Daily Archives: February 14, 2011

“We worry less”

Yes, that’s “top 1%” and “bottom 80%

Frye in The Modern Century:

In political thought there is a useful fiction known as the social contract, the sense that man enters into a certain social context by the act of getting born.  In earlier contract theories, like that of Hobbes, the contract was thought of as universal, binding everyone without exception.  From Rousseau on there is more of a tendency to divide people into those accept and defend the existing social contract because they benefit from it, and the people who are excluded from most of the benefits, and so feel no obligation, or much less, of it.  (CW 11, 41)

From the notorious 2005 Citigroup Plutonomy memo:

➤ The World is dividing into two blocs – the Plutonomy and the rest. The U.S., UK, and Canada are the key Plutonomies – economies powered by the wealthy. Continental Europe (ex-Italy) and Japan are in the egalitarian bloc.
➤ Equity risk premium embedded in “global imbalances” are unwarranted. In plutonomies the rich absorb a disproportionate chunk of the economy and have a massive impact on reported aggregate numbers like savings rates, current account deficits, consumption levels, etc. This imbalance in inequality expresses itself in the standard scary “ global imbalances”. We worry less.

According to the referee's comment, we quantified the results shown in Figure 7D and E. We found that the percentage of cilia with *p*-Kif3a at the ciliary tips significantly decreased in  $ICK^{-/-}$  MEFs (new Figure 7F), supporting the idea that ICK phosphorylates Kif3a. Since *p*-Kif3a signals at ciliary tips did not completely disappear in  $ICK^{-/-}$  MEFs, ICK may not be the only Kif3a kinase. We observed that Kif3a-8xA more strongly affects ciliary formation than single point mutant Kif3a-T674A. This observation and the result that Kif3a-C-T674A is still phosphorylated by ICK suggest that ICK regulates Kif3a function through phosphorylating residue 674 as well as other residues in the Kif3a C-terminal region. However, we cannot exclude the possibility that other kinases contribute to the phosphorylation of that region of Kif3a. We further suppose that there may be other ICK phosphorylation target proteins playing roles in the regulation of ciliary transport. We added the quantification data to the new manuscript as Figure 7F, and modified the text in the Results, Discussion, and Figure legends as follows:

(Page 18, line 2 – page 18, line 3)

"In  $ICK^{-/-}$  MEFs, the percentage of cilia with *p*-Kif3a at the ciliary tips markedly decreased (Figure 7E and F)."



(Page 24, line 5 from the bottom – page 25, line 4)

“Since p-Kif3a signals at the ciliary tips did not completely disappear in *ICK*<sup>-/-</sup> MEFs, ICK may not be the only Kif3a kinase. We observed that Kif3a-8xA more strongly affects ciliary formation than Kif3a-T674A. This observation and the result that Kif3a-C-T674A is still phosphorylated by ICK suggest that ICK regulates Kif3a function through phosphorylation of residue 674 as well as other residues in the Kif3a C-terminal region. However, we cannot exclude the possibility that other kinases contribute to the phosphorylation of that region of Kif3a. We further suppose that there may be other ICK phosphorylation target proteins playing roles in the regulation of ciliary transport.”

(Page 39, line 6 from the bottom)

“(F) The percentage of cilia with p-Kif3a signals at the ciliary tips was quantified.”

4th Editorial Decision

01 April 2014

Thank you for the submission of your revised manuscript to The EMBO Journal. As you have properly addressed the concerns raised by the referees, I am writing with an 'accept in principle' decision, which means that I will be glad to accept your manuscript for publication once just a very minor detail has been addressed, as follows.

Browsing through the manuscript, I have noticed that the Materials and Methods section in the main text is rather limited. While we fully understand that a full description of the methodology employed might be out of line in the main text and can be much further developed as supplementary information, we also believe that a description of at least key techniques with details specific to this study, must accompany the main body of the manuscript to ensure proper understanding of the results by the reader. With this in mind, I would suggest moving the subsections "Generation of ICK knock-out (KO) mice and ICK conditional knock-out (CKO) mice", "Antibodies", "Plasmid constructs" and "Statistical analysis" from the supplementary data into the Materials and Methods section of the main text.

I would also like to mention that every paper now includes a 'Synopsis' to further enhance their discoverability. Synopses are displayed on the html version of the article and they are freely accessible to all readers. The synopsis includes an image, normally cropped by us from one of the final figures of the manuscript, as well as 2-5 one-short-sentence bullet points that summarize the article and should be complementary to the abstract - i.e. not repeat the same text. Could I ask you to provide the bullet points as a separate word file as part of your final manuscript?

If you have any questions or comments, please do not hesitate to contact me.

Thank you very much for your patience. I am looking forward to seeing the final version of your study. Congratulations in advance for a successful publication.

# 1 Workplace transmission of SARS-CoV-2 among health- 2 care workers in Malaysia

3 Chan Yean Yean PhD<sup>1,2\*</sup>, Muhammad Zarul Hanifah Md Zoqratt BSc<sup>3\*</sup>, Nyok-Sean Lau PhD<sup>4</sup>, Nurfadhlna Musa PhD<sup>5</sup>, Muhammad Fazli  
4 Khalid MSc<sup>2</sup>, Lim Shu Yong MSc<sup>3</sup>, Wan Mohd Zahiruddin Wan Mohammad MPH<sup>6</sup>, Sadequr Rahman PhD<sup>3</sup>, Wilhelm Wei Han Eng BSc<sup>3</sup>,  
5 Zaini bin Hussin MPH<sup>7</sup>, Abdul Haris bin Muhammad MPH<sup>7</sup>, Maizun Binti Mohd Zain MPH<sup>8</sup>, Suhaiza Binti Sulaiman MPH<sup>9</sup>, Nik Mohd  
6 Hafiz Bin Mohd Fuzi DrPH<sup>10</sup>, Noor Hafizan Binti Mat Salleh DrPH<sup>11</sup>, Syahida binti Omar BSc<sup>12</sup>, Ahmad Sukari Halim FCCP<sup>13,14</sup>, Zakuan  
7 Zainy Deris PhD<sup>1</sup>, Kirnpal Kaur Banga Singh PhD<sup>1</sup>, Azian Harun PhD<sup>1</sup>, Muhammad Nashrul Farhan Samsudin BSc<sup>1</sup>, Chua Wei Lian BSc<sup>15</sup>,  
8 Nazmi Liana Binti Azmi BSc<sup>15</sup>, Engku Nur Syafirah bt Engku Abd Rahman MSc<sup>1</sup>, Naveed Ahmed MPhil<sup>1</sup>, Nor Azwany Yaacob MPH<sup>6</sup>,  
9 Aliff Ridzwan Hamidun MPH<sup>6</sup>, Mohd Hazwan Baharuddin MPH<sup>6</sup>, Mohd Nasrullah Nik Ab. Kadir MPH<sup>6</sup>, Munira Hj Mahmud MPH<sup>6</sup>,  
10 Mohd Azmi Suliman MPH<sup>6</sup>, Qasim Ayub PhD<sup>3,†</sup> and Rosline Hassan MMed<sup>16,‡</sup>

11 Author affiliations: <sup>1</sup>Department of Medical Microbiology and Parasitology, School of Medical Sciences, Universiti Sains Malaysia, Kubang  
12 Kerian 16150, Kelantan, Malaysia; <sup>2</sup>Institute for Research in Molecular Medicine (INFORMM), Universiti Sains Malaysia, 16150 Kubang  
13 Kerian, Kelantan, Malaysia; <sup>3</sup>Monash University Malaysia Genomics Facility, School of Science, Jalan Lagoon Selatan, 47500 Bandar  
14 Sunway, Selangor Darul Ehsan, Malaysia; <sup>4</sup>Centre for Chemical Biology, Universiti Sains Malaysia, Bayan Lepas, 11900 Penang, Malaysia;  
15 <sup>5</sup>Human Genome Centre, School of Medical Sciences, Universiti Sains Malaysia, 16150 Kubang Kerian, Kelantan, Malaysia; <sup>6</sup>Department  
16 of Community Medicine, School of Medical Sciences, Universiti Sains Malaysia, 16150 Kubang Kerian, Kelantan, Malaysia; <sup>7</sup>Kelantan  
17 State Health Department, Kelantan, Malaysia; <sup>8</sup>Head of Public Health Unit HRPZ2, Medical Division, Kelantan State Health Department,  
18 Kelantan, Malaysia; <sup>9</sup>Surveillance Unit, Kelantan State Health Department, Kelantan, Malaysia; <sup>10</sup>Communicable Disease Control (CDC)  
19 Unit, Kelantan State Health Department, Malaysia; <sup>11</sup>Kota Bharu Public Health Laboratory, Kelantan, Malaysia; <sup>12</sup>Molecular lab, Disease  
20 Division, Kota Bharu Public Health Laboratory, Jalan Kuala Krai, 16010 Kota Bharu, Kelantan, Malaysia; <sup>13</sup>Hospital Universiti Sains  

From yesterday’s Toronto Star:

In keeping with the government’s vision of making Canada a low-tax jurisdiction, the Conservatives have been gradually cutting taxes on corporate profits since 2007.

By 2015 under this plan, the share of federal government programs paid for by corporate income taxes will have shrunk to 12.3 per cent from 20.8 per cent in 2000.

Andrew Sullivan in today’s Daily Dish:

The logic behind president Obama’s budget has one extremely sensible feature: it distinguishes between spending that simply adds to consumption, and spending that really does mean investment. His analogy over the weekend – that a family cutting a budget would rather not cut money for the kids’ education – is a sound one. We do need more infrastructure, roads and broadband, non-carbon energy and basic science research, and some of that is something only government can do. In that sense, discretionary spending could be among the most important things government could do to help Americans create wealth themselves. And yet this is the only spending Obama wants to cut.